Lending directly means that you can sometimes access a better ‘target return’ than if you were to keep your cash in a bank. And these third parties can access more favourable lending terms than if they were to borrow money from a large financial institution. So it can be a win-win situation for you and the borrower, and a good source of alternative income.
But the critical point to be aware of is that this flexible lending comes with a higher investment risk than most other forms of investing. There can be a higher risk of defaulting because there are lower levels of regulation and your eligible deposits are not protected by the FSCS (Financial Services Compensation Scheme).
The annual limit for this ISA is also £20,000 (your total allowance).
Remember, your right blend of ISAs will depend on your situation and financial goals. It’s worth seeking independent financial advice if you’re unsure of the right ISA mix to reach those future goals.
4. Lifetime ISA
This final option is somewhat of an outlier, mostly because it comes with different rules and a unique annual allowance.
The lifetime ISA (LISA) has an annual limit of £4,000 each year (that’s still part of your overall £20,000 annual allowance). A key benefit of this account is that a 25% top-up will be added to your savings, like a government bonus if you will. But there’s a catch.
You must be over 18 and under 40 to open an account, and the funds can only be used for buying your first home or saving for retirement. Once you turn 50, you can’t put any more money in, and then you have to turn 60 before you gain access to money held in the LISA.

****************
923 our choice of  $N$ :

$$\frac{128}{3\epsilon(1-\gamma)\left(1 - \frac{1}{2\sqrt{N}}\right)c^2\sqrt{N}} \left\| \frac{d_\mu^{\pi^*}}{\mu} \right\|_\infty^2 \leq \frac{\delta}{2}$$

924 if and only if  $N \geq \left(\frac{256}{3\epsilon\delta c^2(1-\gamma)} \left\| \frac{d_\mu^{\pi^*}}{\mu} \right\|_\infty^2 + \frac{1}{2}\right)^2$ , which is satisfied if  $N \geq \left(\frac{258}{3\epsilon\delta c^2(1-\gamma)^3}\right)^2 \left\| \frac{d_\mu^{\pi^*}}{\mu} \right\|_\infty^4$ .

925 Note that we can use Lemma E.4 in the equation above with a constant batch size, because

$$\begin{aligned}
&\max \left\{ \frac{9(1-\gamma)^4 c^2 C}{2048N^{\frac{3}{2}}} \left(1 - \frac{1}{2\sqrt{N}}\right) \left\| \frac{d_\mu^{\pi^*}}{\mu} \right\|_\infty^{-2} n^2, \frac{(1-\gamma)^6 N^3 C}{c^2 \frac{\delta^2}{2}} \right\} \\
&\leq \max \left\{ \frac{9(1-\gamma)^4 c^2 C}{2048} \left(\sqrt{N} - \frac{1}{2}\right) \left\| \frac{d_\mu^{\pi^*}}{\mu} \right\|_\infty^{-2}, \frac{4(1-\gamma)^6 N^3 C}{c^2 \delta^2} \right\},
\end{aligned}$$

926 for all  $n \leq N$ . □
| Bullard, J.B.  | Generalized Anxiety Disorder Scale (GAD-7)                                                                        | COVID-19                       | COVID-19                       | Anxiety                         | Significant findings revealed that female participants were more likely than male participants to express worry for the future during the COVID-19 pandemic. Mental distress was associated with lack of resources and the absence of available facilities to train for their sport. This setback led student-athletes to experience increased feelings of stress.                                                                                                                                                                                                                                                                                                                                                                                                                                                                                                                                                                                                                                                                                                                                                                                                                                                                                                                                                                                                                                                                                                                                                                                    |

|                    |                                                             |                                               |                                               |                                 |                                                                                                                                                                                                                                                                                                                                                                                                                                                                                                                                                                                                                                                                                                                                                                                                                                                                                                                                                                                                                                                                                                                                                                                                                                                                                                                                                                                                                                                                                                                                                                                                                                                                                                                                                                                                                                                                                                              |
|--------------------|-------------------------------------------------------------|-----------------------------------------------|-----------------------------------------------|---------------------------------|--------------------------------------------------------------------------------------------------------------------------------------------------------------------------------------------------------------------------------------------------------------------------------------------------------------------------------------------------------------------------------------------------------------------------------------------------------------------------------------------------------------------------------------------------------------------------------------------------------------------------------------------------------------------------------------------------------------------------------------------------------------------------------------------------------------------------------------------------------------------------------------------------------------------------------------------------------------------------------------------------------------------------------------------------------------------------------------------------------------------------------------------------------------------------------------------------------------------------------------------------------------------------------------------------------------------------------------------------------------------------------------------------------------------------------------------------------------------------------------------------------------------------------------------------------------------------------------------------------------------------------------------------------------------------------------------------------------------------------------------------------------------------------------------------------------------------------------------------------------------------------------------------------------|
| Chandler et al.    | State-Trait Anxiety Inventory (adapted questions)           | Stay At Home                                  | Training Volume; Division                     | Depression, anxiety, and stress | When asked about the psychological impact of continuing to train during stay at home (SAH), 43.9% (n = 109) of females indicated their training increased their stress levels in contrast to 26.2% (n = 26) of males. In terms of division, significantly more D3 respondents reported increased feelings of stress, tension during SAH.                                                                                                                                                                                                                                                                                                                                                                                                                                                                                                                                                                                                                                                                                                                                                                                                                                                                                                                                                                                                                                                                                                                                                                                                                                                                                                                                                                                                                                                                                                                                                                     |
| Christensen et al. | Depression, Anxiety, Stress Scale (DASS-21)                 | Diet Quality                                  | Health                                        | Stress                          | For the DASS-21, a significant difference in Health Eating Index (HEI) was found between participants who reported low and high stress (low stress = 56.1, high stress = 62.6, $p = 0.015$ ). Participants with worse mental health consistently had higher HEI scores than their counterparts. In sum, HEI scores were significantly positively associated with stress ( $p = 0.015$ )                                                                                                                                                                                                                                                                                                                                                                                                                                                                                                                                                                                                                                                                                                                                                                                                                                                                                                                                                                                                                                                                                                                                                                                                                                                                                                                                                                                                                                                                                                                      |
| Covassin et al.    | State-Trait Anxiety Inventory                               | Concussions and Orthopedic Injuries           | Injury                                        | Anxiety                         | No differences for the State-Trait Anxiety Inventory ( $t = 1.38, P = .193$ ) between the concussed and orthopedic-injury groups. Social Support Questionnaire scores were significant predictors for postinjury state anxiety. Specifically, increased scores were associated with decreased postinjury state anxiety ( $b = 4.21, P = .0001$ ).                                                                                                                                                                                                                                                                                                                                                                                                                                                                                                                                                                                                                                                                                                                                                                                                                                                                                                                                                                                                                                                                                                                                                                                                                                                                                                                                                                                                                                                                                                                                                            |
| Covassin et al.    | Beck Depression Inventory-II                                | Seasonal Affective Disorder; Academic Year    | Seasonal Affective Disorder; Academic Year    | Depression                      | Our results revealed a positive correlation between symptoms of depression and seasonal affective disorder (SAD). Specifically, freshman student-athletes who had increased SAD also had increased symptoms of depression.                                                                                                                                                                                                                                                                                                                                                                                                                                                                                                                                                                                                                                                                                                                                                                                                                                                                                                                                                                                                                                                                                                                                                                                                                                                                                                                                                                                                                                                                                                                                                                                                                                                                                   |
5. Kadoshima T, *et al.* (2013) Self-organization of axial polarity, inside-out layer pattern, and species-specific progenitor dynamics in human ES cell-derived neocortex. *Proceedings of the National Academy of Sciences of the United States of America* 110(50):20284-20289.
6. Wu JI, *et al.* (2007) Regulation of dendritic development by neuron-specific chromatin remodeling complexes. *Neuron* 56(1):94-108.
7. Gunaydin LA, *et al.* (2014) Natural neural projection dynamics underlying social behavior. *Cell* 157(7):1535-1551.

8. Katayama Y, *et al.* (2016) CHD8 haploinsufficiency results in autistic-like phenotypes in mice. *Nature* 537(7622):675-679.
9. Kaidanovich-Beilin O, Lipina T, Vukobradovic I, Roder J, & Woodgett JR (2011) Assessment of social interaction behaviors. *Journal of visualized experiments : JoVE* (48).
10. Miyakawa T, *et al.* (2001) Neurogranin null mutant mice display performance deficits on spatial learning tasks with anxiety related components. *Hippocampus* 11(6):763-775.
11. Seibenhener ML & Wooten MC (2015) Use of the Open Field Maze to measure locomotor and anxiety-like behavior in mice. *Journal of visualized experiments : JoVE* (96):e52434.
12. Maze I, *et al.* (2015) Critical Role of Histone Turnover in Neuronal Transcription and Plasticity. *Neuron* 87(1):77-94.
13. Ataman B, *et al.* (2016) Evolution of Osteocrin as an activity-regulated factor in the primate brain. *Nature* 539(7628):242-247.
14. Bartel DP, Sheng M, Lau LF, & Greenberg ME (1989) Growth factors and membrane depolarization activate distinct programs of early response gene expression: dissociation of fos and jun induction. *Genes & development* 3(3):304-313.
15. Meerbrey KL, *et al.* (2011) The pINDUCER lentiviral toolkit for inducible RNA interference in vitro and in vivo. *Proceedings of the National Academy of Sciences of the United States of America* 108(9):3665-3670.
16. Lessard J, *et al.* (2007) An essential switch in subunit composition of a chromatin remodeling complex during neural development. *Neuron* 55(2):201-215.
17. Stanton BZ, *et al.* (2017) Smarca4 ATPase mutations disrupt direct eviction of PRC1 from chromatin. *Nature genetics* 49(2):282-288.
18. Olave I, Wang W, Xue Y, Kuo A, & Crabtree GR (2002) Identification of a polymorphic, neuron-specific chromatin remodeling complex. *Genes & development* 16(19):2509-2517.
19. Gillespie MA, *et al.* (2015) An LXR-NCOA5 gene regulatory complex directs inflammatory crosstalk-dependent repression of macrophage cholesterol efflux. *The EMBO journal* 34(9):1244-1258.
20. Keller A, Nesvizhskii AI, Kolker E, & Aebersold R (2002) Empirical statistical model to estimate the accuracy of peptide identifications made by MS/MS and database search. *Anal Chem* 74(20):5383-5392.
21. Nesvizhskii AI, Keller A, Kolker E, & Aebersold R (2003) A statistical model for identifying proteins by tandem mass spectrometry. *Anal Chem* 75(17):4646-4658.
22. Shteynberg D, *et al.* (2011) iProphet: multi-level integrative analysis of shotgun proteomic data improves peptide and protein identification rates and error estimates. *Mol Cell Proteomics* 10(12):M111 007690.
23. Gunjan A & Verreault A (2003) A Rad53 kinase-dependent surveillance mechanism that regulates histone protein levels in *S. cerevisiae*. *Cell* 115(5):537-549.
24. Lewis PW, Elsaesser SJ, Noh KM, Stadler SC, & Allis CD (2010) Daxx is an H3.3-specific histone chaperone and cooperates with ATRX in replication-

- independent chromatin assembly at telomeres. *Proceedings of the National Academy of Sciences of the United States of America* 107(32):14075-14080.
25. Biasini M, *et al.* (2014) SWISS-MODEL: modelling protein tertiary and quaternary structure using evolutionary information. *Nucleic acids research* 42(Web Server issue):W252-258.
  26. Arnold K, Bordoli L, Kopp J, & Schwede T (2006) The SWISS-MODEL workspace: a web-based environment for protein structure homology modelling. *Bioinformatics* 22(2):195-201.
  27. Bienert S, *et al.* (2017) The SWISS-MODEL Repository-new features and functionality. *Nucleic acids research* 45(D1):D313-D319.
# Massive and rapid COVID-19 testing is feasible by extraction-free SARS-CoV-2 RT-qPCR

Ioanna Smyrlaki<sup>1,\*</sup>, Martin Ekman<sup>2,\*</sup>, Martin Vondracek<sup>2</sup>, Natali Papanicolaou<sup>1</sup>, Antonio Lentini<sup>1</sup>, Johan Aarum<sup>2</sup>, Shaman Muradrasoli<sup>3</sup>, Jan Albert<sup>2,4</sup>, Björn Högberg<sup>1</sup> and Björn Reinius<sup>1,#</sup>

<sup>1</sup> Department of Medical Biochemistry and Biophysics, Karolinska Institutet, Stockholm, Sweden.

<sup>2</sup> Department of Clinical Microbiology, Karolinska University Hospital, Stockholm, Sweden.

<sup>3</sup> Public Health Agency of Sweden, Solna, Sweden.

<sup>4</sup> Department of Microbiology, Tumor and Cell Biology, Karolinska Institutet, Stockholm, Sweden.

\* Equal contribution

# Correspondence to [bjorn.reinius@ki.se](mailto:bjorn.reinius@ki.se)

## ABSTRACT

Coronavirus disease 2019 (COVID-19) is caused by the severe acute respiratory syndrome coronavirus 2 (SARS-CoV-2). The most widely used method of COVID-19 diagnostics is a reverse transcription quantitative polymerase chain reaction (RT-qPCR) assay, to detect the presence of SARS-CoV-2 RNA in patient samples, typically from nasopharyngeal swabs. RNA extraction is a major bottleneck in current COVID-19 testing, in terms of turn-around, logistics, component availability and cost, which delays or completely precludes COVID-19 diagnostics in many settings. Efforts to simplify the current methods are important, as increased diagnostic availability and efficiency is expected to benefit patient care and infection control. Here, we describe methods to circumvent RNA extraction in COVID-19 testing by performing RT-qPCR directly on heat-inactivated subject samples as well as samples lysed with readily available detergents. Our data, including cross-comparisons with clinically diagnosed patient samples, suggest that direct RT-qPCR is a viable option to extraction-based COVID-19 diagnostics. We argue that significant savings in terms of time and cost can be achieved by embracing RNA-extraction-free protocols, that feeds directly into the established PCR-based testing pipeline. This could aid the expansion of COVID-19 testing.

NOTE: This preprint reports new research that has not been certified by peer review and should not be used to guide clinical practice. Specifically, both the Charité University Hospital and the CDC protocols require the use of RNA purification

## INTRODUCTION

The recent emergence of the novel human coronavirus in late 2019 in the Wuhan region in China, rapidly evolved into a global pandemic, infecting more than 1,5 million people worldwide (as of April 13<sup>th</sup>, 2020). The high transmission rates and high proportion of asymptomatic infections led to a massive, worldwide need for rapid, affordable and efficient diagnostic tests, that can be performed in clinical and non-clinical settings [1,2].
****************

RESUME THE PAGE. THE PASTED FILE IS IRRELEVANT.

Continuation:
The LISA rules and stipulations don’t stop there. Should you need to access your savings before you’re 60, or for something other than buying your first home, you’ll be hit with a withdrawal charge. That means you lose your top-up bonus, and then some.
As a penalty, you’d pay a 25% withdrawal charge, leaving you with less money than you initially put in. So this is worth bearing in mind if you think you need the flexibility to access your money.
One benefit that some people aren’t aware of is that you don’t have to just hold cash in a LISA. If you like, you can also use this type of ISA to invest. But, depending on your investment broker, your investment options may be limited. For example, some may only let you invest in investment trusts, whereas other platforms may restrict you to funds, or just provide stock market trackers like an ETF (exchange-traded fund).
How many ISAs can I have?
There’s no limit to the number of individual savings accounts you can hold, but you may find that the rules and eligibility criteria for each type of account limit your actual options.
You can have more than one ISA, but you can only open and pay into one of each type of ISA every tax year.
Also, it’s not worth having loads of ISA accounts scattered about in most cases, because it can make your finances more difficult to manage and your gains might be getting eaten away by fees.
Finding a great provider, then filling out the transfer application form for carrying out your ISA transfer and consolidating your holdings, could be a more straightforward way to save and invest. Just make sure you know all the potential mistakes to avoid when transferring your ISA before you start the process.